Compute the gradient of $f(x)=\|\text{diag}(x)\|$ with the chain rule

Consider the function $$f:\mathbb{R}^n\to\mathbb{R}$$ given by $$f(x)=\|\text{diag}(x)\|$$, where $$\text{diag}(x)\in\mathbb{R}^{n\times{n}}$$ is the diagonal matrix with diagonal entries $$x_1,x_2,\dots,x_n$$, and $$\|\cdot\|$$ is the spectral norm (matrix 2-norm).

Since the spectral norm of a matrix is its largest singular value, and the singular values of a (square) diagonal matrix are the absolute values of the diagonal entries, we see that $$f(x)=\|x\|_\infty$$, where $$\|\cdot\|_\infty$$ is the (vector) sup-norm. In this form, it is easier to deduce the properties of $$f$$--in particular, it is differentiable at any point $$x\in\mathbb{R}^n$$ where the largest element of $$x$$ (in absolute value) is unique. At such a point, the gradient of $$f$$ is given by $$\nabla{f(x)}=\text{sgn}(x_k)e_k$$ where $$k$$ is the index of the (unique) largest entry of $$x$$ (in absolute value), $$e_k$$ is the $$k^\text{th}$$ standard basis vector in $$\mathbb{R}^n$$, and $$\text{sgn}(\cdot)$$ is the sign function.

I want to deduce the above expression for the gradient using the chain rule applied to $$f(x)=(g\circ{h})(x)$$, where $$g:\mathbb{R}^{n\times{n}}\to\mathbb{R}$$ is given by $$g(A)=\|A\|$$, and $$h:\mathbb{R}^n\to\mathbb{R}^{n\times{n}}$$ is given by $$h(x)=\text{diag}(x)$$.

The "Jacobian" of $$h$$ is a three-dimensional object, where $$\frac{\partial[h(x)]_{ij}}{\partial{x_k}}=\begin{cases}1,&i=j=k,\\0,&\text{else.}\end{cases}$$ The function $$g$$ is differentiable at any point $$A$$ where $$A$$ has a unique largest singular value, in which case the gradient(?) is given by $$\nabla{g(A)}=uv^\text{T},$$ where $$u$$ and $$v$$ are the left and right singular vectors (respectively) corresponding to the (unique) largest singular value of $$A$$.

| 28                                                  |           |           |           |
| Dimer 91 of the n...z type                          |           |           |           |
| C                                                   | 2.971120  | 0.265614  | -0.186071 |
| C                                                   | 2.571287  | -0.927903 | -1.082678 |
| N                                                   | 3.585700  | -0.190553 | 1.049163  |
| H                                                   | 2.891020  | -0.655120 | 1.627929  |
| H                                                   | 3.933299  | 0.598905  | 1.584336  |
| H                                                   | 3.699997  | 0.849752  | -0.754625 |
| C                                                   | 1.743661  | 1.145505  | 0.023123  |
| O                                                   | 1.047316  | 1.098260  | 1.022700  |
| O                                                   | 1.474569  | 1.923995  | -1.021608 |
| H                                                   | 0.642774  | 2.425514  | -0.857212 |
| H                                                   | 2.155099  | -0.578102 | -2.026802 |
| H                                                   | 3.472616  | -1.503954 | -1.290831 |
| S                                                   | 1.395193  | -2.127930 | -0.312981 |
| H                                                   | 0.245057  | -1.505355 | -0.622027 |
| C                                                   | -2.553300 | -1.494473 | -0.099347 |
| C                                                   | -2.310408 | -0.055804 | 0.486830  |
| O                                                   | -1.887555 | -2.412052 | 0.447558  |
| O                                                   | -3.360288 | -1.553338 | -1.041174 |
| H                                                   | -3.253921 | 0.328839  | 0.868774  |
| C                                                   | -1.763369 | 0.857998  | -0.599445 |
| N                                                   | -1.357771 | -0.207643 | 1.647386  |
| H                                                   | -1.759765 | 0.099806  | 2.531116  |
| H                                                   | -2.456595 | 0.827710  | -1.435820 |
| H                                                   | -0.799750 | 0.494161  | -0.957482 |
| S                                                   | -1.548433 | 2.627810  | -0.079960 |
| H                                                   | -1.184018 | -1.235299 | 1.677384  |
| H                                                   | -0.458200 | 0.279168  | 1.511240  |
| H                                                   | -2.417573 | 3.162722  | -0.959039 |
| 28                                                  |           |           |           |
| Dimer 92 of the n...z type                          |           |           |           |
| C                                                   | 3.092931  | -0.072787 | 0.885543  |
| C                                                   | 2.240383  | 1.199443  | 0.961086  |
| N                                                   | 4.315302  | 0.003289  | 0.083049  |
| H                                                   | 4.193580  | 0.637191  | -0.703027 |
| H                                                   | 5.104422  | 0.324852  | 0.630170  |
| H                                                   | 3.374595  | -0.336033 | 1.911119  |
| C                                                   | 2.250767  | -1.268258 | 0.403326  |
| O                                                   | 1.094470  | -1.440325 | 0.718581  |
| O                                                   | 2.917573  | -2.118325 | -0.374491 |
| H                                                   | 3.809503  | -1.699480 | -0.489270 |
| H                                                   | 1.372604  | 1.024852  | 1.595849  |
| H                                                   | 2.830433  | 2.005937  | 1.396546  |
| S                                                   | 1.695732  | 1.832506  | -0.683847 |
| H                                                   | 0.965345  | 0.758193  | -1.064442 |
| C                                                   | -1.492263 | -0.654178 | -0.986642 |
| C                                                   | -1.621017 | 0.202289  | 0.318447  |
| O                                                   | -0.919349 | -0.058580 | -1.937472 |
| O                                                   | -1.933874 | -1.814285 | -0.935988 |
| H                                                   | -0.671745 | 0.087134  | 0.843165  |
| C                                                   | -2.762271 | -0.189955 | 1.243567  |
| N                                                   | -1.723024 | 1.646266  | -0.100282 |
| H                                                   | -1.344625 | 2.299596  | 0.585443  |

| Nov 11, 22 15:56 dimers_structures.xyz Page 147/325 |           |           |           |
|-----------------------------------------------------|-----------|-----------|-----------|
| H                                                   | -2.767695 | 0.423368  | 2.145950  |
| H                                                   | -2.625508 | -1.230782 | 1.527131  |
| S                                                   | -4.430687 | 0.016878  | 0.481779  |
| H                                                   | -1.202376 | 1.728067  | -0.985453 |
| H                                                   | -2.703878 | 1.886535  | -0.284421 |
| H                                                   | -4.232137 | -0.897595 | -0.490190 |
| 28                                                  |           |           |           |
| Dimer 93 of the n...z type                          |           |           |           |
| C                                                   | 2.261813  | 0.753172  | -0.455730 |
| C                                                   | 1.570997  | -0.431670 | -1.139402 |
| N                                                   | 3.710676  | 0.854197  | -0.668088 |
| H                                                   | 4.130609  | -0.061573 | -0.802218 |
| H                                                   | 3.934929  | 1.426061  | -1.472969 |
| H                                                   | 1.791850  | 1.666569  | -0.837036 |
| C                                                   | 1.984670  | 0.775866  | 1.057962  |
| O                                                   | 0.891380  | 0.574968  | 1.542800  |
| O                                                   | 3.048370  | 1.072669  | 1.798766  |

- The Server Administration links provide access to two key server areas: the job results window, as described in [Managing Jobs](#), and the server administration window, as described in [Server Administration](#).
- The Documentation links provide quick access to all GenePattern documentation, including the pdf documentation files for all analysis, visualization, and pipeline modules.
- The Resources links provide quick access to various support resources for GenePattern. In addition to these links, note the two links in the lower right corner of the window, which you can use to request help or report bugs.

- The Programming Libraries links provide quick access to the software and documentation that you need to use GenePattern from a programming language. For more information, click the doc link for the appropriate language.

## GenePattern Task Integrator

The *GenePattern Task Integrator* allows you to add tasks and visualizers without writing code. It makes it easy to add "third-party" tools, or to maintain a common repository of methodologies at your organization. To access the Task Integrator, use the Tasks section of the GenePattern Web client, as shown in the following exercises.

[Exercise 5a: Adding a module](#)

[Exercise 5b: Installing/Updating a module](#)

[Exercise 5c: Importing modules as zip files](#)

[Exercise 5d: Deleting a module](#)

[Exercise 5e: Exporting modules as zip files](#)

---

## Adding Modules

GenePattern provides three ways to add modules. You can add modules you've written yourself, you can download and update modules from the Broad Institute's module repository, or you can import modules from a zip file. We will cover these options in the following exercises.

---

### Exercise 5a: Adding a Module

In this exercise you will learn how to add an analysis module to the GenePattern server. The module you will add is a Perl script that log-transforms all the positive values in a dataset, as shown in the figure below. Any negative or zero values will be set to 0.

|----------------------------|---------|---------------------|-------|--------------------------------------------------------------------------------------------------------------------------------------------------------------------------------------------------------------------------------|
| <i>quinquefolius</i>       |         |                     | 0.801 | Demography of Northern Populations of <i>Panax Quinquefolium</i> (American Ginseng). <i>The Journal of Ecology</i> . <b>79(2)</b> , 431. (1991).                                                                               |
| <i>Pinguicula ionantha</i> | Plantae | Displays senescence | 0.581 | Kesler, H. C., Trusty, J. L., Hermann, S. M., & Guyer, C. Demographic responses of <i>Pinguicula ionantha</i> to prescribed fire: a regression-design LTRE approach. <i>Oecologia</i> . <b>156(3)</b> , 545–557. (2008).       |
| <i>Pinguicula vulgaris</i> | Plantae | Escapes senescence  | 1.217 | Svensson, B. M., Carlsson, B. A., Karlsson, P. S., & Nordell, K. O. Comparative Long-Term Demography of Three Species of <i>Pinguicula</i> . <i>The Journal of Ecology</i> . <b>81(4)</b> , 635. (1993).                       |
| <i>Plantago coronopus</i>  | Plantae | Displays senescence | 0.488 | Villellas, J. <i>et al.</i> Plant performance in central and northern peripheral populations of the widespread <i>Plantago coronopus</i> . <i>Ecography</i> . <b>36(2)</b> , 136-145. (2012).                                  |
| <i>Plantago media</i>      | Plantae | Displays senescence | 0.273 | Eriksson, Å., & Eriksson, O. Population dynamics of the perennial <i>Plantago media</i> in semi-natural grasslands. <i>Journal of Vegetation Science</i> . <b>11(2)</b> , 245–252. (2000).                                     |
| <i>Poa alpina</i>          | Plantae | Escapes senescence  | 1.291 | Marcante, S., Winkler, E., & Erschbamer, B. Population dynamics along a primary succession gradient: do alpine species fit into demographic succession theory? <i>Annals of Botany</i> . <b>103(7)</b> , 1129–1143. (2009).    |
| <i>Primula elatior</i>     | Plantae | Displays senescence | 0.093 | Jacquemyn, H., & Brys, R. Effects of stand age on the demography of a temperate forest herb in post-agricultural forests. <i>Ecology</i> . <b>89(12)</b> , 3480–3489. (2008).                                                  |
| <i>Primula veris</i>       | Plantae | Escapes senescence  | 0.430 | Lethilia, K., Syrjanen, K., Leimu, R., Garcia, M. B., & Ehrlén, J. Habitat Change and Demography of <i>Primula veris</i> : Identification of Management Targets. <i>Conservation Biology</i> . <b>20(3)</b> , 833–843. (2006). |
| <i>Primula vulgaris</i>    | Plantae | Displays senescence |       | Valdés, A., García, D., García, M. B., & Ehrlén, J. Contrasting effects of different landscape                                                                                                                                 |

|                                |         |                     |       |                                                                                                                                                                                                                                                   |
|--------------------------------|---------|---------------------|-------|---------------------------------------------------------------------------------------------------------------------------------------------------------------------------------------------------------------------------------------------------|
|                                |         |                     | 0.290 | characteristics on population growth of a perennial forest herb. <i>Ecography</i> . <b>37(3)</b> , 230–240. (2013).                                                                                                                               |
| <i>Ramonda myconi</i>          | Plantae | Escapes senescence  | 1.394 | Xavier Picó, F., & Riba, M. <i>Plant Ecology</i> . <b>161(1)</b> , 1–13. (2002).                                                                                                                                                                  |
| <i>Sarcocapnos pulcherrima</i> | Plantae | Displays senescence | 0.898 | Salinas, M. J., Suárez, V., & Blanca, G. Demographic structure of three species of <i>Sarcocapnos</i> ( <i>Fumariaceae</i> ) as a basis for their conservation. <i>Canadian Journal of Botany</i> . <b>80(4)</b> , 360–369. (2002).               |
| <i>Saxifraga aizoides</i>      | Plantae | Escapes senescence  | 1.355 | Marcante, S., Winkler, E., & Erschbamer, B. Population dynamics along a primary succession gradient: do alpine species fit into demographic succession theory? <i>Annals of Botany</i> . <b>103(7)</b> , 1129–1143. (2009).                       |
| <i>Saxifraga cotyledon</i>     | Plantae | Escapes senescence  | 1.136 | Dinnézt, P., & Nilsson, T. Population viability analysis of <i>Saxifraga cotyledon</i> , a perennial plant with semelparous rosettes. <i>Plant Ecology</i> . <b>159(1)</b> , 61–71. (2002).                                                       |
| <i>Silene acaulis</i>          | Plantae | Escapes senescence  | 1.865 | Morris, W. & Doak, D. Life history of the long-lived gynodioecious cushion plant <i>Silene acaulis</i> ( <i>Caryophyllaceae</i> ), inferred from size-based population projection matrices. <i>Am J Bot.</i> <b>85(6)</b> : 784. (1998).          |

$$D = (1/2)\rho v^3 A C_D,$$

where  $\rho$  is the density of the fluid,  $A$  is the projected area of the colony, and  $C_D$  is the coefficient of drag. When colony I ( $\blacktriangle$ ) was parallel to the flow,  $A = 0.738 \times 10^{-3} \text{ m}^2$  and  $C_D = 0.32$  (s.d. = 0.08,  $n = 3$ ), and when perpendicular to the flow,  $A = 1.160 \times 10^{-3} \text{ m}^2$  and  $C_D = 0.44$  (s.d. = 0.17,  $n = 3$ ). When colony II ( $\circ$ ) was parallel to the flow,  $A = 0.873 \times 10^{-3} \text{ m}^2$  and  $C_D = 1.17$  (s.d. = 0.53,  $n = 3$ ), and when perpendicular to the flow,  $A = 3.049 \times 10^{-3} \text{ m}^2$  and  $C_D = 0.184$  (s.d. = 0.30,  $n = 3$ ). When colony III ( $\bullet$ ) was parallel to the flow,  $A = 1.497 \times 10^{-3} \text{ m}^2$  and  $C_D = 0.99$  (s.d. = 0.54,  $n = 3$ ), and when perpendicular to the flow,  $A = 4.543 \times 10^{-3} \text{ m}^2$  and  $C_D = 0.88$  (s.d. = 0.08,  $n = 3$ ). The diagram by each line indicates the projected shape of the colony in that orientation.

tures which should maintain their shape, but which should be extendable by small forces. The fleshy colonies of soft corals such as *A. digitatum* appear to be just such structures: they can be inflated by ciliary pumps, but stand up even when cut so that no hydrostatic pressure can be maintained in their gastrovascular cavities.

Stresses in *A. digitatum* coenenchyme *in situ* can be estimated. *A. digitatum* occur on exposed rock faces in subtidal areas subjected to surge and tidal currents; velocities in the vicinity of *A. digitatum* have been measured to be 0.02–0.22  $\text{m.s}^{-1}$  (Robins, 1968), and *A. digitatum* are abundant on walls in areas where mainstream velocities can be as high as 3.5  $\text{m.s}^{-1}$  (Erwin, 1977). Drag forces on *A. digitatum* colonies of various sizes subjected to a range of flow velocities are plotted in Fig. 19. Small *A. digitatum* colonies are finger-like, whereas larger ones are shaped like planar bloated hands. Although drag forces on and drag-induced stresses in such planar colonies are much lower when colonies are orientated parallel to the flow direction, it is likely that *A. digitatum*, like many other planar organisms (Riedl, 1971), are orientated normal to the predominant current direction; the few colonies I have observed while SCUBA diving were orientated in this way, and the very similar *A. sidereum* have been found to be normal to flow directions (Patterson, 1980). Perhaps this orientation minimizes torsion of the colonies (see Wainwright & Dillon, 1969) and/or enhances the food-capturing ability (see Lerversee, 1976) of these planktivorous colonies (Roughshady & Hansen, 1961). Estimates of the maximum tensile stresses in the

So I essentially have a three-dimensional object and a 2-dimensional object, and I want to apply the chain rule to get the gradient, a 1-dimensional object (i.e. a vector). A straightforward application suggests "multiplying them together" (not sure that concept is even defined), which seems like it would produce a matrix. What simple thing am I missing here?

A hint rather than a complete answer

It might help to think of $$\Bbb R^{n \times n}$$ as $$\Bbb R^{n^2}$$.

Now $$h$$ is a function from $$\Bbb R^n$$ to $$\Bbb R^{n^2}$$ and $$g$$ is a function from $$\Bbb R^{n^2}$$ to $$\Bbb R$$, so the composite goes from $$\Bbb R^n$$ to $$\Bbb R$$. Can you work out the $$k$$th partial derivative of this?

When you do, you may find out that the result you get is surprisingly closely related to matrix multiplication (of some sort) of the derivatives of $$h$$ and $$g$$...or you may not.

Just to get you started, $$\nabla g(A)_{ni + j} = u_i v_j,$$ where I'm working with indices that go from $$0$$ to $$n-1$$ here.

Can you now work out the $$ni + j$$th entry of the $$k$$th partial derivative of $$g \circ h$$?

• Thought I might have to resort to this--was being lazy and trying to avoid "index counting" from stacking matrices into vectors. Indeed this works! – David M. Jan 22 at 18:53
• And when you were done, did you discover that there was a matrix multiplication hidden in there? (I'm asking seriously...I didn't bother doing it myself, and wonder what the result was...) – John Hughes Jan 22 at 19:24
• Yes it works out following the conventions of the usual multi-dimensional chain rule. The resulting gradient vector is $J_g^\text{T}{J_h}$, where $J_g\in\mathbb{R}^{1\times{n^2}}$ is the outer product of $u$ and $v$ stacked columnwise, and $J_h\in\mathbb{R}^{n^2\times{n}}$, where each row of $J_h$ is the gradient of a component of the matrix $\text{diag}(x)$ stacked columnwise (lots of words, but basically what you would expect) – David M. Jan 22 at 19:27